lucky-stonesJohn Kabat-Zinn points out that “even a stone can be a teacher.” As a calming, “transitional object,” much like a cell phone or a child’s teddy bear, stones can also be effective totems I can place into service to help me become a skillful CAO. Mine happen to be four stones that I carry around in a little felt pouch. We used to give them as parting gifts to the children leaving our grief counseling program when they were done. Three of the stones are shiny and polished. They represent the healing work already done. The fourth is rough and dull, symbolizing the work remaining. My fourth stone is really rough and pretty dull. It’s also substantially larger than the pretty polished stones. Go figure.

“With money in your pocket, you are wise and you are handsome, and you sing well, too.” ~ Yiddish Proverb

Take this short, three-question, multiple choice quiz from the Atlantic Monthly

  1. Suppose you had $100 in a savings account and the interest rate was 2 percent per year. After five years, how much do you think you would have in the account if you left the money to grow? A) more than $102; B) exactly $102; C) less than $102; D) do not know; refuse to answer.
  2. Money_is_a_Beautiful_Thing_by_fotophiDo you think that the following statement is true or false? “Buying a single company stock usually provides a safer return than a stock mutual fund.” A) true; B) false; C) do not know; refuse to answer.
  3. Imagine that the interest rate on your savings account is 1 percent per year and inflation is 2 percent per year. After one year, would you be able to buy A) more than, B) exactly the same as, or C) less than today with the money in this account?; D) do not know; refuse to answer.

The correct answers are 1-A; 2-B; and 3-C.

How did you do? Did you respond correctly to all three questions? If you did, then you belong to a shockingly small global minority.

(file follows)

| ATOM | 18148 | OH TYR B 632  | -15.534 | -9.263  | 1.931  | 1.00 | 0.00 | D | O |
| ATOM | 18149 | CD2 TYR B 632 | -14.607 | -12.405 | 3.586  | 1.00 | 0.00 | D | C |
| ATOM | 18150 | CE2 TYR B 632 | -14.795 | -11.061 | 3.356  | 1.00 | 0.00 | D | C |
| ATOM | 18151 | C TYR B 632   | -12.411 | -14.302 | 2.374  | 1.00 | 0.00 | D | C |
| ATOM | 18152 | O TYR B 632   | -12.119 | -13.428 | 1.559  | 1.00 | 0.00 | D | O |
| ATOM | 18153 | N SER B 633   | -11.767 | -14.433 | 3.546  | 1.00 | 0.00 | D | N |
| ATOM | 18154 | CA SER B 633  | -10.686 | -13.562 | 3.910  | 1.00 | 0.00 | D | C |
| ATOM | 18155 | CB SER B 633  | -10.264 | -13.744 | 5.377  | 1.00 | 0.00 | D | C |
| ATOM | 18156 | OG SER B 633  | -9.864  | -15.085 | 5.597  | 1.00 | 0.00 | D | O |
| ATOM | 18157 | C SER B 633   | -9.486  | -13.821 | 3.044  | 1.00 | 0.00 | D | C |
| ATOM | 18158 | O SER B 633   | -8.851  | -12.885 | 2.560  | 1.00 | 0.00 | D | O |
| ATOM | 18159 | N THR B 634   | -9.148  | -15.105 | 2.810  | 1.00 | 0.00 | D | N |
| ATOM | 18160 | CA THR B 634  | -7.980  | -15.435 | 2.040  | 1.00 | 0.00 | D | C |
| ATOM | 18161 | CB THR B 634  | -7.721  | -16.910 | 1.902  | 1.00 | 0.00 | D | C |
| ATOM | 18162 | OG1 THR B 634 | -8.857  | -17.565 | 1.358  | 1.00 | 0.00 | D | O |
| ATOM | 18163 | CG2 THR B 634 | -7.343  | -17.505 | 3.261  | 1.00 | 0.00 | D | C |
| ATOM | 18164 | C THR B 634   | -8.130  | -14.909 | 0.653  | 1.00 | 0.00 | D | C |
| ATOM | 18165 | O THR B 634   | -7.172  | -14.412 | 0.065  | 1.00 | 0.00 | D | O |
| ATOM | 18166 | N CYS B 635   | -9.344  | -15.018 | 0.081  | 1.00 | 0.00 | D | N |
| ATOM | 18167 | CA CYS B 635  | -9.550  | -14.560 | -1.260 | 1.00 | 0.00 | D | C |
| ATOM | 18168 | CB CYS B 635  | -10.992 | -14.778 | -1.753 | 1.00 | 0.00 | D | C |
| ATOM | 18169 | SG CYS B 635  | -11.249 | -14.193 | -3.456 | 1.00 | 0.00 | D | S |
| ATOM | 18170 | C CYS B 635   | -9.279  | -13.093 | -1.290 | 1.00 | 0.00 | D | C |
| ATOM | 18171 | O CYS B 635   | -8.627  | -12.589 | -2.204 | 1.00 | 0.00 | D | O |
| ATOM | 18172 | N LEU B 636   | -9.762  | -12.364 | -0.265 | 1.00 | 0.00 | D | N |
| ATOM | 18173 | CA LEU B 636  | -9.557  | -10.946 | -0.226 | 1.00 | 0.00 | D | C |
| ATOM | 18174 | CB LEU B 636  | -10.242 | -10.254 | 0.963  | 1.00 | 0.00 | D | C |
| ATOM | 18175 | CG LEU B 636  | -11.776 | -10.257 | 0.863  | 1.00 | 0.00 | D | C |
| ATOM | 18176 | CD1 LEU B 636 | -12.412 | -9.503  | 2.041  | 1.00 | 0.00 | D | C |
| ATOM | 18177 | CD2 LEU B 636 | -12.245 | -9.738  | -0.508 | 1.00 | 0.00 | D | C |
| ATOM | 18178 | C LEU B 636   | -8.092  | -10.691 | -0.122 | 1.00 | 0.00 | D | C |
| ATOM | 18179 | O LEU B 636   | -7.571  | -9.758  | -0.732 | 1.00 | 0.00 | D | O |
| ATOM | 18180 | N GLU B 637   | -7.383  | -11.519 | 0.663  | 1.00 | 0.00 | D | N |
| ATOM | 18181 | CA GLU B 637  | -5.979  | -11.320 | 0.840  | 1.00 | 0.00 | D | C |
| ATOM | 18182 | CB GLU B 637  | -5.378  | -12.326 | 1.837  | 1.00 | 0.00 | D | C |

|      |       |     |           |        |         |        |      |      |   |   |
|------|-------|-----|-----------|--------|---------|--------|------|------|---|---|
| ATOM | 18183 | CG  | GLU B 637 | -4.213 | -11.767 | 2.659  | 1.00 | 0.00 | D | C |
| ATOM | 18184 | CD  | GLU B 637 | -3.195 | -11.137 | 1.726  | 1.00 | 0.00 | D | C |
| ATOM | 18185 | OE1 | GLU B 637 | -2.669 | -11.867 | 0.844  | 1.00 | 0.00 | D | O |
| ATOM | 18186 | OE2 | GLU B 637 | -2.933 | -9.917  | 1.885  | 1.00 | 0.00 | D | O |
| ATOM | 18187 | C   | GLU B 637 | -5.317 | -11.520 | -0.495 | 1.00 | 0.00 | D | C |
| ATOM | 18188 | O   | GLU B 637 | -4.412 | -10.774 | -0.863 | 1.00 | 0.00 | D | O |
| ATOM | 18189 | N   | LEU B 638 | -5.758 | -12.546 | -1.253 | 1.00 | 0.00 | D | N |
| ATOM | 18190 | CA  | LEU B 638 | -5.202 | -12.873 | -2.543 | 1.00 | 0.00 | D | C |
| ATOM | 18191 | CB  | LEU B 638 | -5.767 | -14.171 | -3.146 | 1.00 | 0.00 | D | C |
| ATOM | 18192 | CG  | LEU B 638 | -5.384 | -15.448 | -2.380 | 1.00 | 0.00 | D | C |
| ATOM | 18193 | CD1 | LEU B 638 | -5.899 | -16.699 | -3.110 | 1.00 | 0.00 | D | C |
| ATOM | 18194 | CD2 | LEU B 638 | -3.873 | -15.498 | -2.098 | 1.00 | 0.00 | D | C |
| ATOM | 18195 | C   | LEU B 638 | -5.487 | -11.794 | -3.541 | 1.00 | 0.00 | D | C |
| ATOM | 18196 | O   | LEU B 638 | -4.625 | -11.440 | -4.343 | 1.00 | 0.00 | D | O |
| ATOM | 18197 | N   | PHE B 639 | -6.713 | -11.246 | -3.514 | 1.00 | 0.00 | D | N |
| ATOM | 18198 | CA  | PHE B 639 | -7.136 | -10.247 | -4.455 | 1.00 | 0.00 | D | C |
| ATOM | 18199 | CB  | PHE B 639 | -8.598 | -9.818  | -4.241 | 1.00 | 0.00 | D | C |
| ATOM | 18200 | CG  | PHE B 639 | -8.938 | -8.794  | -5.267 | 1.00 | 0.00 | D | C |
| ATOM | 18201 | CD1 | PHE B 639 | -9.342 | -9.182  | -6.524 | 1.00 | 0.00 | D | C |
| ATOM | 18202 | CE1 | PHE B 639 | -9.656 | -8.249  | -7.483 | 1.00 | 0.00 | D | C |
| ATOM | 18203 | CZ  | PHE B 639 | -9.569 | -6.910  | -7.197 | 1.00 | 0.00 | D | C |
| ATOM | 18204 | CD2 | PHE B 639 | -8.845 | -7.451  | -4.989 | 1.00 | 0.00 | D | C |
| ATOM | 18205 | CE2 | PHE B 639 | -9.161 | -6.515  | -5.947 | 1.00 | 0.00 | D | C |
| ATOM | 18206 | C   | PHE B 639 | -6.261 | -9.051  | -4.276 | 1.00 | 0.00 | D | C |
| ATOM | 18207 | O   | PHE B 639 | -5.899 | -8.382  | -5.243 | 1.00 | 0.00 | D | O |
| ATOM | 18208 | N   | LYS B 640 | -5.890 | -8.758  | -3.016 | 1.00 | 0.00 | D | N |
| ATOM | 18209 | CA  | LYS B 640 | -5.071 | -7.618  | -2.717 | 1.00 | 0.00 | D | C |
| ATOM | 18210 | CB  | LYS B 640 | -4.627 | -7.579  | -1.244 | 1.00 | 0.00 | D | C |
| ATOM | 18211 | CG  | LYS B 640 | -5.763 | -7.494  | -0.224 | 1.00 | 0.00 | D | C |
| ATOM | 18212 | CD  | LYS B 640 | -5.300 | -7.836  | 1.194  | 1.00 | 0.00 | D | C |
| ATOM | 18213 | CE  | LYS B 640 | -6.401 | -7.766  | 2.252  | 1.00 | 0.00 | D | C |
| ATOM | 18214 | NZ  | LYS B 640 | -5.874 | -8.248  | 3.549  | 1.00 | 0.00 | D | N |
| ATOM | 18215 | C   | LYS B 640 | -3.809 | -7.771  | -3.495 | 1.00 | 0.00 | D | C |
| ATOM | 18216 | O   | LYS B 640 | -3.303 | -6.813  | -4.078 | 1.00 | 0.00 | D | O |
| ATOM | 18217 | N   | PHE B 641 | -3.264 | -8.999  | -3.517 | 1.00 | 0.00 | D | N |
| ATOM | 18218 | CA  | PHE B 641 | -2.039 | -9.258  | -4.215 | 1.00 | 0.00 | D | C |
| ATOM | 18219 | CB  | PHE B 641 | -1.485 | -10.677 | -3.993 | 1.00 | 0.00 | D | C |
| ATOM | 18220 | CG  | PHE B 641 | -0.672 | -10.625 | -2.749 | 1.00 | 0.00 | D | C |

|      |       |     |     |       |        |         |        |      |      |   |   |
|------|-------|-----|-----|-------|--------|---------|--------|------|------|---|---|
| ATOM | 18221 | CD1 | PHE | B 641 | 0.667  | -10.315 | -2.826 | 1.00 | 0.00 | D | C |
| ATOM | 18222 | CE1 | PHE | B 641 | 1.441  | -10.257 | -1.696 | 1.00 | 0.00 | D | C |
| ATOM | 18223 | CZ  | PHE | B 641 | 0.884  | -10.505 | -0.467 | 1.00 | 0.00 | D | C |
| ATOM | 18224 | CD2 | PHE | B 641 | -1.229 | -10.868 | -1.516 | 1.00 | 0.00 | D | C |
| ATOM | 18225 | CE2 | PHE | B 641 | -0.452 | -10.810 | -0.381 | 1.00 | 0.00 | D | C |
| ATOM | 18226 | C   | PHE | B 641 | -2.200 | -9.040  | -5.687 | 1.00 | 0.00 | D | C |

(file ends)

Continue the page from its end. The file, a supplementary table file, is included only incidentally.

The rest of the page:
If you got all three correct and live in Russia, you have very little company – only 4% of the population got all three answers right; in Sweden only 21% were spot-on; in Japan, 27%. In the United States only 30% of the population got all three answers correct. What’s up with that?

How the brain develops structurally, how it’s affected by stress, and how it fails to learn how money works both personally and globally lies at the root of such dismal performance in my estimation.

Why Your Money Brain Loves to Eat the Marshmallow

One significant difference between the brains of the 10% who own 85% of the wealth in the America and the other 90% of us is that when it comes to money, the 10% know the value and importance of something called “delay discounting.” Delay discounting is the tendency for far off outcomes to have less value than what’s pleasurable right now. Distant benefits affect the pleasure centers in our brain very differently than immediate ones do. One famous example of delay discounting is Walter Mischel’s marshmallow experiments at Bing Nursery School on the Stanford University campus. Kids were given the choice to eat one marshmallow immediately, or wait while the experimenter left the room; they would get to eat two marshmallows when he came back. All kinds of benefits accrued in later life to the kids who were able to exert strong impulse control and not immediately gobble up the single marshmallow.